Post Partum Depression - Information and Forum for Support

Post Partum Depression is Real ...

Giving birth is a wonderful time in the lives of women but its aftermath can create a time of confusion, anguish and mood swings. Mothers who have just given birth can go through emotional twists and changes that leave them in a state of depression that is difficult to deal with. Postpartum depression is not just a “letdown” after the birth of a child. This is a change in a mom's thinking and reactions that is caused by rapidly shifting hormones. Hormones create changes in the brain and the way it works.

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There is research that suggests postpartum depression may have a genetic basis. It does seem more likely to occur in women who have mothers or sisters who have had the disorder. Those who suffer from symptoms of extremely severe premenstrual disorder also are likely to experience post partum depression. If a woman has been suffering from depression prior to giving birth, or has family members who have been diagnosed with mood disorders, there is also an increased risk of her having to deal with this disorder.

Women who have postpartum depression are often successfully treated with natural remedies or prescribed medications (keep in mind that drugs have side-effects, so you may want to seriously consider using something natural that works just as effectively without the side-effects). Psychotherapy, or having a qualified mental health therapist to talk with, may be of benefit to most women. If the depression is more severe, either natural remedies or medication and psychotherapy may be required. In rare instances, inpatient treatment may also be temporary.

Post Partum Depression: Baby Blues Occur Frequently

Up to 80% of all new mothers have an emotional downswing a few days after childbirth. This type of mood change is both mild and temporary. This reaction occurs as a result of hormonal changes that are happening swiftly. With the baby blues women can have crying, anxiety, and sadness. They may be irritable and doubt their ability to cope with the new infant.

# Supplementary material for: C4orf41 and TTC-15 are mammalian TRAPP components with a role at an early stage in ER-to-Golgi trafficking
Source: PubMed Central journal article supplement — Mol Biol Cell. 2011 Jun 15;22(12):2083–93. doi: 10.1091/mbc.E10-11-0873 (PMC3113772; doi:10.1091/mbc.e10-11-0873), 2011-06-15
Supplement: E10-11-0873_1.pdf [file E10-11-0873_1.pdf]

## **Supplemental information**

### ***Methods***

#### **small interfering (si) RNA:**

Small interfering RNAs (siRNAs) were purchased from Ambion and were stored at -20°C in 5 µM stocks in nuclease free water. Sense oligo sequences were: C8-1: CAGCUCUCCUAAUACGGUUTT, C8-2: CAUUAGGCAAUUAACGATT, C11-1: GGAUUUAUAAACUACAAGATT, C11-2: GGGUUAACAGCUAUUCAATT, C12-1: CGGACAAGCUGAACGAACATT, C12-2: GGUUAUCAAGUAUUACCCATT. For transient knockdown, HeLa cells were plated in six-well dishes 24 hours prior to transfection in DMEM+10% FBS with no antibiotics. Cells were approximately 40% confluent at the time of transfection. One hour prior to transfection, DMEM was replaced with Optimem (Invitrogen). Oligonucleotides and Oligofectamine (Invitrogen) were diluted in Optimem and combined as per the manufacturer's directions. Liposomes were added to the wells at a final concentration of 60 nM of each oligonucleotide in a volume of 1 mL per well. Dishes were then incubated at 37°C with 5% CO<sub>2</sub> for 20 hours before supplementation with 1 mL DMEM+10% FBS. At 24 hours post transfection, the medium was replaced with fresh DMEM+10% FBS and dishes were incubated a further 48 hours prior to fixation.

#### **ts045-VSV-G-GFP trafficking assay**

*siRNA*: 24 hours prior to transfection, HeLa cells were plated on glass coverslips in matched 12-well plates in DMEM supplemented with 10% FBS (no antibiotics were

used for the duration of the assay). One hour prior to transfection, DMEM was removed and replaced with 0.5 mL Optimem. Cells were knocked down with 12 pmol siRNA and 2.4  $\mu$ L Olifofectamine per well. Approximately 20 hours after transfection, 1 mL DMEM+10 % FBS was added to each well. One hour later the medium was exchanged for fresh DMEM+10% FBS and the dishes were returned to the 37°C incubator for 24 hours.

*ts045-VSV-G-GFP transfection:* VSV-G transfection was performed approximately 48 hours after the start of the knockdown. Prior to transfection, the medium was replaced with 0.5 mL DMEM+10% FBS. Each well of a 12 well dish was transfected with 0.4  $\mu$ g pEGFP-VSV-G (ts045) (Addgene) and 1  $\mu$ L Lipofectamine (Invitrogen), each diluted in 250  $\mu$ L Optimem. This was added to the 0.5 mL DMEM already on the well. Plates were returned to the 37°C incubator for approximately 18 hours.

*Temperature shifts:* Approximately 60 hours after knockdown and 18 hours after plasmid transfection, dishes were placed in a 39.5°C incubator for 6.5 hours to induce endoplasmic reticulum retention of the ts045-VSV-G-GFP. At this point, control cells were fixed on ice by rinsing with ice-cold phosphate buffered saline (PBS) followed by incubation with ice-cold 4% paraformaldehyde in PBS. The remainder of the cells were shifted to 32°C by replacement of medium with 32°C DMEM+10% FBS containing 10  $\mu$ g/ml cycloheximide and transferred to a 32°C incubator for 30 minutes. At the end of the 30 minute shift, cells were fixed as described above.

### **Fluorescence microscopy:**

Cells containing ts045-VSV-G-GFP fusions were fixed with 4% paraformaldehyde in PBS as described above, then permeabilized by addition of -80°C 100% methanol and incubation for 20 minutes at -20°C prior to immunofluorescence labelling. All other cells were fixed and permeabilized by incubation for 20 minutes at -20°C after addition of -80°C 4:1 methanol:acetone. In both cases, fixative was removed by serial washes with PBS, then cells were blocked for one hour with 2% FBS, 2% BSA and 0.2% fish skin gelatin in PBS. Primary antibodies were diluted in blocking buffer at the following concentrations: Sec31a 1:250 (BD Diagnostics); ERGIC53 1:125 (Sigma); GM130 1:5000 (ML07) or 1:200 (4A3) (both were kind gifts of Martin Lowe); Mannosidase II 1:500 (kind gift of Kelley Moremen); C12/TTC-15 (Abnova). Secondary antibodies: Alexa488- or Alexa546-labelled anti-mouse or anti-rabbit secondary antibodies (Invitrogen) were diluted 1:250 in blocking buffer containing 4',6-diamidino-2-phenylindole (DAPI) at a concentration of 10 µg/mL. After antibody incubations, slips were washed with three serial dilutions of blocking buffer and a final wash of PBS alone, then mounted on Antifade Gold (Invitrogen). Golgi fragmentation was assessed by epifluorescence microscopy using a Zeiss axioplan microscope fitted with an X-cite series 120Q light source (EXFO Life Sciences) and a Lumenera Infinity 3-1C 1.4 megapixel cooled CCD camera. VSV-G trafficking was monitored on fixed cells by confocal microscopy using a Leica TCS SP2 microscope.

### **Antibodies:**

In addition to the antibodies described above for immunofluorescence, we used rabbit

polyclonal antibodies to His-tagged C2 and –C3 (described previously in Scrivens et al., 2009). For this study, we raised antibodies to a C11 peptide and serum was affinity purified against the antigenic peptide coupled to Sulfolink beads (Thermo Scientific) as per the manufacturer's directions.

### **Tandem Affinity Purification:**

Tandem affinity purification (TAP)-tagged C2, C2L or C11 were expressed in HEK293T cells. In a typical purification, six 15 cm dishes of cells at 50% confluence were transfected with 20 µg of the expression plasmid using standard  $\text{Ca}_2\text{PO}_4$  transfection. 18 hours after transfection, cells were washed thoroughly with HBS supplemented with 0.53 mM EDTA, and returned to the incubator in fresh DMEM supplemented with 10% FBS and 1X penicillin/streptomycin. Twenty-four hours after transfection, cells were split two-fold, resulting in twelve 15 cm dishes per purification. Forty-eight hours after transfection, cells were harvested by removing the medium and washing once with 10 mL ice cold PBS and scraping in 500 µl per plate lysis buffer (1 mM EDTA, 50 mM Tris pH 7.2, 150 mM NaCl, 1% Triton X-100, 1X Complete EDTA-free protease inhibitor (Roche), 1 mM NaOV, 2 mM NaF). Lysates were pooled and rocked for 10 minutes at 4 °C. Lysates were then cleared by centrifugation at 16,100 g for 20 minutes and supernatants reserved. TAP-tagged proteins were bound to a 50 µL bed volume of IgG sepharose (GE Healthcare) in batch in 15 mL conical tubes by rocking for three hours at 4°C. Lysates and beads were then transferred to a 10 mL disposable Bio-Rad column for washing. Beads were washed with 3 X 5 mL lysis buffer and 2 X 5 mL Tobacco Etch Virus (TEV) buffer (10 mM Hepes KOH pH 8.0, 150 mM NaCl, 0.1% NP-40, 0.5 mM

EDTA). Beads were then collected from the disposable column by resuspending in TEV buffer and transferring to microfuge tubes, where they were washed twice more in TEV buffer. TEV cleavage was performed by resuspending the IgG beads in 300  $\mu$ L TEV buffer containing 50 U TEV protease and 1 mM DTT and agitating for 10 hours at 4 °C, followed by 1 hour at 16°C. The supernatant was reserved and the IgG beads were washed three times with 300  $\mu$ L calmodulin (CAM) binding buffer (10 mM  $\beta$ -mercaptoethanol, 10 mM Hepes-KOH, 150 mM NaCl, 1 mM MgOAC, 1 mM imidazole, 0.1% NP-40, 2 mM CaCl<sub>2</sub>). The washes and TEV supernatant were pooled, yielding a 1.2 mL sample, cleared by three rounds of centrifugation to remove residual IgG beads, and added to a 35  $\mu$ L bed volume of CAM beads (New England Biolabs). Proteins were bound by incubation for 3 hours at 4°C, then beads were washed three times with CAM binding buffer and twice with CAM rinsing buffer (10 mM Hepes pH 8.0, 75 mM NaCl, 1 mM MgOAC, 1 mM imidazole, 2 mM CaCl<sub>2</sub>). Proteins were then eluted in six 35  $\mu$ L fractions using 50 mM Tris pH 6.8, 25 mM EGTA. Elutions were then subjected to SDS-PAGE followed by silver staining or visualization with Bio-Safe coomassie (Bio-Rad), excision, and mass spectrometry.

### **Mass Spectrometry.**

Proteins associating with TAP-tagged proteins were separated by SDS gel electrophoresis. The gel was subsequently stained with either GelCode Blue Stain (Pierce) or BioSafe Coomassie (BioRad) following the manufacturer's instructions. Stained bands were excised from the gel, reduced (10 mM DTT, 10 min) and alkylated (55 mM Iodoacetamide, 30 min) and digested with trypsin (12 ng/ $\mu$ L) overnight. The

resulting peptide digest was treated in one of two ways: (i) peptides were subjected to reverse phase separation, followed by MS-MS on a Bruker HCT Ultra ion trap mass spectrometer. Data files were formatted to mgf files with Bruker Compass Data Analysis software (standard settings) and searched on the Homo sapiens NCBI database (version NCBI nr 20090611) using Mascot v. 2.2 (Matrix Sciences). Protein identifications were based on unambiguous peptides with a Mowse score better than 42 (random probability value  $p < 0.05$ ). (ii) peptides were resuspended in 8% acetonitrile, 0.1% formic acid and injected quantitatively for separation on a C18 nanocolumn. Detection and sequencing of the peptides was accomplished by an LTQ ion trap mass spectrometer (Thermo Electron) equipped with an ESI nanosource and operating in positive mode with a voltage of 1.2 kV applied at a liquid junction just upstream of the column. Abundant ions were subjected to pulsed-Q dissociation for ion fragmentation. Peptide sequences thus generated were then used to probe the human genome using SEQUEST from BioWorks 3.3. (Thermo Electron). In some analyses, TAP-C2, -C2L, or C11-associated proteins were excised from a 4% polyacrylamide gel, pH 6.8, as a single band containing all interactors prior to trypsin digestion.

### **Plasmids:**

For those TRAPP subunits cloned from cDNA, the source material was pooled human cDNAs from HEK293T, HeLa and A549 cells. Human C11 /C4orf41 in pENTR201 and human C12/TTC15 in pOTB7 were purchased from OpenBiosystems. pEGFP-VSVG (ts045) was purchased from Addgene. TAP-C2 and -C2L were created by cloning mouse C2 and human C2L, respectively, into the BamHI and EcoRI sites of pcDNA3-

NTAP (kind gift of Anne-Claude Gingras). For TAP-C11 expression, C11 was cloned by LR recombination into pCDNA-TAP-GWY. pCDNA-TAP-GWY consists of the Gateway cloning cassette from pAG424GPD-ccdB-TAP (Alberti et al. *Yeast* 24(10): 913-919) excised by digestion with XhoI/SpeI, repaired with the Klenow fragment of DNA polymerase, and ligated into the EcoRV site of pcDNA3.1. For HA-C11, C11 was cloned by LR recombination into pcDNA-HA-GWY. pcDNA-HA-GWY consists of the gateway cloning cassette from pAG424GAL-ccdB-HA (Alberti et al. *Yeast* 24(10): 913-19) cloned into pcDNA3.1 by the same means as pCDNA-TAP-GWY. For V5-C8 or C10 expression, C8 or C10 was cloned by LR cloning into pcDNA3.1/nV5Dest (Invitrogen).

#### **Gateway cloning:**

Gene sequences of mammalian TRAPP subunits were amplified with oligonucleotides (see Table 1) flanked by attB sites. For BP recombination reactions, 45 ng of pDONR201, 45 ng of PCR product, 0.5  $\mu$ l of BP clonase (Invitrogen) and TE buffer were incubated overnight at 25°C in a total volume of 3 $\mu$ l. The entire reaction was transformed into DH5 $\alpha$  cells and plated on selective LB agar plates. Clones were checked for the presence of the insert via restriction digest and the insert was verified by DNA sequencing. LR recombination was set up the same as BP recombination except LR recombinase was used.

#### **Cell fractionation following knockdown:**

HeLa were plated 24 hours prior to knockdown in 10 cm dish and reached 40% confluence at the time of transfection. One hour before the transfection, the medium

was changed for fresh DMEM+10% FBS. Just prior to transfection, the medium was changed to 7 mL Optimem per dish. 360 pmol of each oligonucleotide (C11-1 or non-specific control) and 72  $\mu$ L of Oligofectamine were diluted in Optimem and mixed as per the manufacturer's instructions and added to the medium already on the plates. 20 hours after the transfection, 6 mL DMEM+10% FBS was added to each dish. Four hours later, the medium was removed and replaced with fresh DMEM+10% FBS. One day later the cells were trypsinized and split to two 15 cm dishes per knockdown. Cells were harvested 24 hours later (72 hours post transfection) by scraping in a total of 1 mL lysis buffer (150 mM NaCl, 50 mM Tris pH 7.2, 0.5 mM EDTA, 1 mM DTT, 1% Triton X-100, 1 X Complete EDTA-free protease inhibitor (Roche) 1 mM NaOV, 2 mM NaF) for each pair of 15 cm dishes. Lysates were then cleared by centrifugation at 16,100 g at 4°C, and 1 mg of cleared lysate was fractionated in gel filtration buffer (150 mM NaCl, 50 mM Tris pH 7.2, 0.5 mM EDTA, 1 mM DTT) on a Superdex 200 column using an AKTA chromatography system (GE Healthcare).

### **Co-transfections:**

Some women may even yell or scream at their husband or other family members over some small incident. These types of behaviors usually appear a few days after the woman has given birth and they resolve in just a few weeks. Be prepared for this by having natural remedies on hand that will stabilize moods and help counteract any hormonal issues. Despite these symptoms, women who have the baby blues are able to continue with their lives in a normal manner and care for their new babies in a healthy manner.

Post partum Depression Is Much More Serious

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It is now known that the type of depression that affects about 10% of females who have given birth can be quite serious. This is not a normal occurrence and while the symptoms can start at about the same time as the baby blues, there are some serious differences. Women who have postpartum depression may suffer from the effects of this disorder for months. The behaviors and emotions of postpartum depression are much more significant and long lasting than “the baby blues”. It has even been shown that the symptoms of postpartum depression may not be apparent for up to a year after giving birth.